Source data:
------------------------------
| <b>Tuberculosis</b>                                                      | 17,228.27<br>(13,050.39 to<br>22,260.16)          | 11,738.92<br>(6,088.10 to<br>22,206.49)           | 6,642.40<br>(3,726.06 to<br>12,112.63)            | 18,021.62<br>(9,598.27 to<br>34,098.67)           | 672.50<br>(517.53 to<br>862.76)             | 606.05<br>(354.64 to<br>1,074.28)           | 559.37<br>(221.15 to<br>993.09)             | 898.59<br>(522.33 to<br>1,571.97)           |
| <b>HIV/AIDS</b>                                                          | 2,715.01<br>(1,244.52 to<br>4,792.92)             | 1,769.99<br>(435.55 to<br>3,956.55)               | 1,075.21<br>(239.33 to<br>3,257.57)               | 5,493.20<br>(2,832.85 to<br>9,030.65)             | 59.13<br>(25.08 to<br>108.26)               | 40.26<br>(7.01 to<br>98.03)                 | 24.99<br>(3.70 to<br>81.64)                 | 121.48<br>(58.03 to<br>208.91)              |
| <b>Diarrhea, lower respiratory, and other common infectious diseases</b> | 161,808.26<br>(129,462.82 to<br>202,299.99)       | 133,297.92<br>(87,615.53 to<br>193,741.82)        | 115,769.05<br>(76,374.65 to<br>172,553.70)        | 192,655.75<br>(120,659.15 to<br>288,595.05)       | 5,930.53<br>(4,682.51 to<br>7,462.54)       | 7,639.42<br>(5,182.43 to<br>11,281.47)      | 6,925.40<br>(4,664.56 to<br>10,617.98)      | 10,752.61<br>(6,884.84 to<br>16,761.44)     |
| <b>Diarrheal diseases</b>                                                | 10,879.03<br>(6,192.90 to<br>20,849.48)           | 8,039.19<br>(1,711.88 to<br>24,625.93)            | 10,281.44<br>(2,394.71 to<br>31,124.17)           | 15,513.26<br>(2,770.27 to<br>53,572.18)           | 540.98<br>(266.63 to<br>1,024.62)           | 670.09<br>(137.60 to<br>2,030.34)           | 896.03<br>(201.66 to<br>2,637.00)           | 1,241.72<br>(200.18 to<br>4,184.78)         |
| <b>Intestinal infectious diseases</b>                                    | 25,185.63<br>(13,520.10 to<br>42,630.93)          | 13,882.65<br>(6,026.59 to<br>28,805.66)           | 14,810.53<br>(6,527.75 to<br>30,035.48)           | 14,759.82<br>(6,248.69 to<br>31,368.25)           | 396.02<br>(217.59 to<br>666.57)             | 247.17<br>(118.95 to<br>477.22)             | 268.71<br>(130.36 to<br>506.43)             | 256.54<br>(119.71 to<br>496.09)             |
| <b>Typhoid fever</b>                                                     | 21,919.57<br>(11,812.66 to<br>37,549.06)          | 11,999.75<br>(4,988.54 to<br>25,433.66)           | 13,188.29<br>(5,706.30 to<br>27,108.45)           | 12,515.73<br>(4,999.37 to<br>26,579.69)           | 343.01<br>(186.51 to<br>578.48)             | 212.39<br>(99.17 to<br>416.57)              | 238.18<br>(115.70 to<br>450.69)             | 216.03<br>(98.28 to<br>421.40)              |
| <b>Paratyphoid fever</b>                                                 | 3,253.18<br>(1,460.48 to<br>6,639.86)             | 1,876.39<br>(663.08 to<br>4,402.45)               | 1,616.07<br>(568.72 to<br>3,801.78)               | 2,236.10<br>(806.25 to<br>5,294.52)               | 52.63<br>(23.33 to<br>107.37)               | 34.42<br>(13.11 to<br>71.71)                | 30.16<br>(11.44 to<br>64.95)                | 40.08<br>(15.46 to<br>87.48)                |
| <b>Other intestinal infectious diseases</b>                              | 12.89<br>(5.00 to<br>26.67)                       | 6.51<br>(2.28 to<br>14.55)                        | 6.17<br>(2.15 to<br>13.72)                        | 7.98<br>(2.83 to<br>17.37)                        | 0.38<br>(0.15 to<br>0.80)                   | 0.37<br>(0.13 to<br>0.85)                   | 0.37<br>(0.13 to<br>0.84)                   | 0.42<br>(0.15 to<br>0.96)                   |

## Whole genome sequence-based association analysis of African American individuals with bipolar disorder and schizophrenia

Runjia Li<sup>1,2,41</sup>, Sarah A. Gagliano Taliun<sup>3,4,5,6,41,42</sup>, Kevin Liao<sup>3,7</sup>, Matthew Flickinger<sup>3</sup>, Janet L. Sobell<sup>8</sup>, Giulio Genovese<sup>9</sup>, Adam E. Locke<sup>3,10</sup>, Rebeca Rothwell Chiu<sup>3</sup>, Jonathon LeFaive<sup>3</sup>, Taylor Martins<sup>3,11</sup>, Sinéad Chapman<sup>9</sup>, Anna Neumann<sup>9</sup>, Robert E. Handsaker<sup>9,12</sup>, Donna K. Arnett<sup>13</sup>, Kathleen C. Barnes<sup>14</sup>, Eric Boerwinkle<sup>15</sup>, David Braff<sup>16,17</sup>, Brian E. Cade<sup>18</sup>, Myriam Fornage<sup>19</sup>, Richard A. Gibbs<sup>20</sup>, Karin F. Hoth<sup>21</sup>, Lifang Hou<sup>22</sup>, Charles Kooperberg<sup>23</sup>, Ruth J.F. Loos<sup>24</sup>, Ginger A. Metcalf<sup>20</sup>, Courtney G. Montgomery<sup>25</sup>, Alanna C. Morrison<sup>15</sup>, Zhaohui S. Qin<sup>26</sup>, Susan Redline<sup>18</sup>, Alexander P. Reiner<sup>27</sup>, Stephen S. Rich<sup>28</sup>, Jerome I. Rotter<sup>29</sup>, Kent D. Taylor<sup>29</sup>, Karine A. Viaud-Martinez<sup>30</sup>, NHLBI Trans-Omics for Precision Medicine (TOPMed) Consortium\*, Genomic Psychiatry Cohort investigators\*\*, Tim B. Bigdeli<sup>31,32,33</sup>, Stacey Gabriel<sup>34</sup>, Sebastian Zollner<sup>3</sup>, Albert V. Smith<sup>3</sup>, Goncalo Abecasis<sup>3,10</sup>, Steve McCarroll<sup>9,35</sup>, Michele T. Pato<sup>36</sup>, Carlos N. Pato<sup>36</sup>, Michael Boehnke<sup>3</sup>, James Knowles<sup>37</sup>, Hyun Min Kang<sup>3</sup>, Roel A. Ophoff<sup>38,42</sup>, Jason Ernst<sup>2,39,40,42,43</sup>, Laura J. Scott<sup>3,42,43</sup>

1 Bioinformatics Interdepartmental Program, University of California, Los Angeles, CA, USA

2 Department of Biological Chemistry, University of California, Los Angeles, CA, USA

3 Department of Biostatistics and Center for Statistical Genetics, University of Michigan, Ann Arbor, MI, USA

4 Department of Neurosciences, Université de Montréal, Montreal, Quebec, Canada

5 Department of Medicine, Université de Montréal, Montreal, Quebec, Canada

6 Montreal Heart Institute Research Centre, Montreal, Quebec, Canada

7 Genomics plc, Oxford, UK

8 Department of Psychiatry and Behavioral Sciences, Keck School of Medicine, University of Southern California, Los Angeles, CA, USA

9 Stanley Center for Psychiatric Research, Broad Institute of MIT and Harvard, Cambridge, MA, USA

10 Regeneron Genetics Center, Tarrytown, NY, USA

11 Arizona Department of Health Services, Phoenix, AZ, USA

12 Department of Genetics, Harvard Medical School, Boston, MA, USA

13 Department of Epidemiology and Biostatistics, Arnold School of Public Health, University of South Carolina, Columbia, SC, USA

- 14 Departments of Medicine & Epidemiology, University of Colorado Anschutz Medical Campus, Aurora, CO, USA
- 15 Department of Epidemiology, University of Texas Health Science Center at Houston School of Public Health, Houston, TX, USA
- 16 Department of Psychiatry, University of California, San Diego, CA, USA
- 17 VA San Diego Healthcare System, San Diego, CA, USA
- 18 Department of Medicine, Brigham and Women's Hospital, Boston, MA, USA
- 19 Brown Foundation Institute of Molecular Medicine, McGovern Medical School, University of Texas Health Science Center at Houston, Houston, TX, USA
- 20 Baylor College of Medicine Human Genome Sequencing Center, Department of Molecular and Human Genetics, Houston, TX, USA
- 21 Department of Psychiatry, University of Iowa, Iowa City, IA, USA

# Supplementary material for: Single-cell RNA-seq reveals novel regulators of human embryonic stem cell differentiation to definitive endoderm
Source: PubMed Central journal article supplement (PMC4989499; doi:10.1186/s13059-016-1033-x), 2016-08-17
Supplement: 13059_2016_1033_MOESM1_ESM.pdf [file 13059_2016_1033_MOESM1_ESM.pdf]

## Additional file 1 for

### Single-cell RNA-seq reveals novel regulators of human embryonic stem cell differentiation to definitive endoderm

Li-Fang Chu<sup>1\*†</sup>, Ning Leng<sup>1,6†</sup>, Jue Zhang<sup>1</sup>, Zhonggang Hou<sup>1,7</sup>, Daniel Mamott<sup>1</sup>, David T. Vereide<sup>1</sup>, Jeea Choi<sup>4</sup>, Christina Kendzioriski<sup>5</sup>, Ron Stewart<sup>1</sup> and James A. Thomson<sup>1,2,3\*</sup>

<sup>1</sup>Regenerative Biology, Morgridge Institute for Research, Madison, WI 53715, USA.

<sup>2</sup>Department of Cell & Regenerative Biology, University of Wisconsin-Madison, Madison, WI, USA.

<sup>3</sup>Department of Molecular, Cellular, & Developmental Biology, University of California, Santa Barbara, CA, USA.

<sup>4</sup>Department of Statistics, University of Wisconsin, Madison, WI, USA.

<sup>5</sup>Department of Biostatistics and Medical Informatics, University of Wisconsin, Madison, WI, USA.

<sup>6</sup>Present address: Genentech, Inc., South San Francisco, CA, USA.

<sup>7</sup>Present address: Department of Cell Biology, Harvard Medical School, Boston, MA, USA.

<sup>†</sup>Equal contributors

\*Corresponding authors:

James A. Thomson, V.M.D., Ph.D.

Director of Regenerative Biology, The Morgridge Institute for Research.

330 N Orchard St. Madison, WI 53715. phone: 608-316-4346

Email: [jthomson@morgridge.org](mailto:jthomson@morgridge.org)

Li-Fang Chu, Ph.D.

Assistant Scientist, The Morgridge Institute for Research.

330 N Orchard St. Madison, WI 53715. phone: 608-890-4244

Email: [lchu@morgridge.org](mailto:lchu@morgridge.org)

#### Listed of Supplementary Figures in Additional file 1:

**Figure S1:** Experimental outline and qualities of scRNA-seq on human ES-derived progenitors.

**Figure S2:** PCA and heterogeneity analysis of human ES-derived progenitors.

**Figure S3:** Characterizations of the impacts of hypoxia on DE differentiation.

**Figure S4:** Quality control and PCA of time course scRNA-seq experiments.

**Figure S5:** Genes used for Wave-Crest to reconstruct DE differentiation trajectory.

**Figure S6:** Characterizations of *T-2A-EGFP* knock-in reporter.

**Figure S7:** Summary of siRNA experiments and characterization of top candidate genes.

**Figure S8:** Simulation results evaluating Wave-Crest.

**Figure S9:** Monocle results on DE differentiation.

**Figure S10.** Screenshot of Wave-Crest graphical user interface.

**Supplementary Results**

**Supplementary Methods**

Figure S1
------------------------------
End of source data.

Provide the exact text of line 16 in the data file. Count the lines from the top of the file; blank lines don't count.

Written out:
6 Montreal Heart Institute Research Centre, Montreal, Quebec, Canada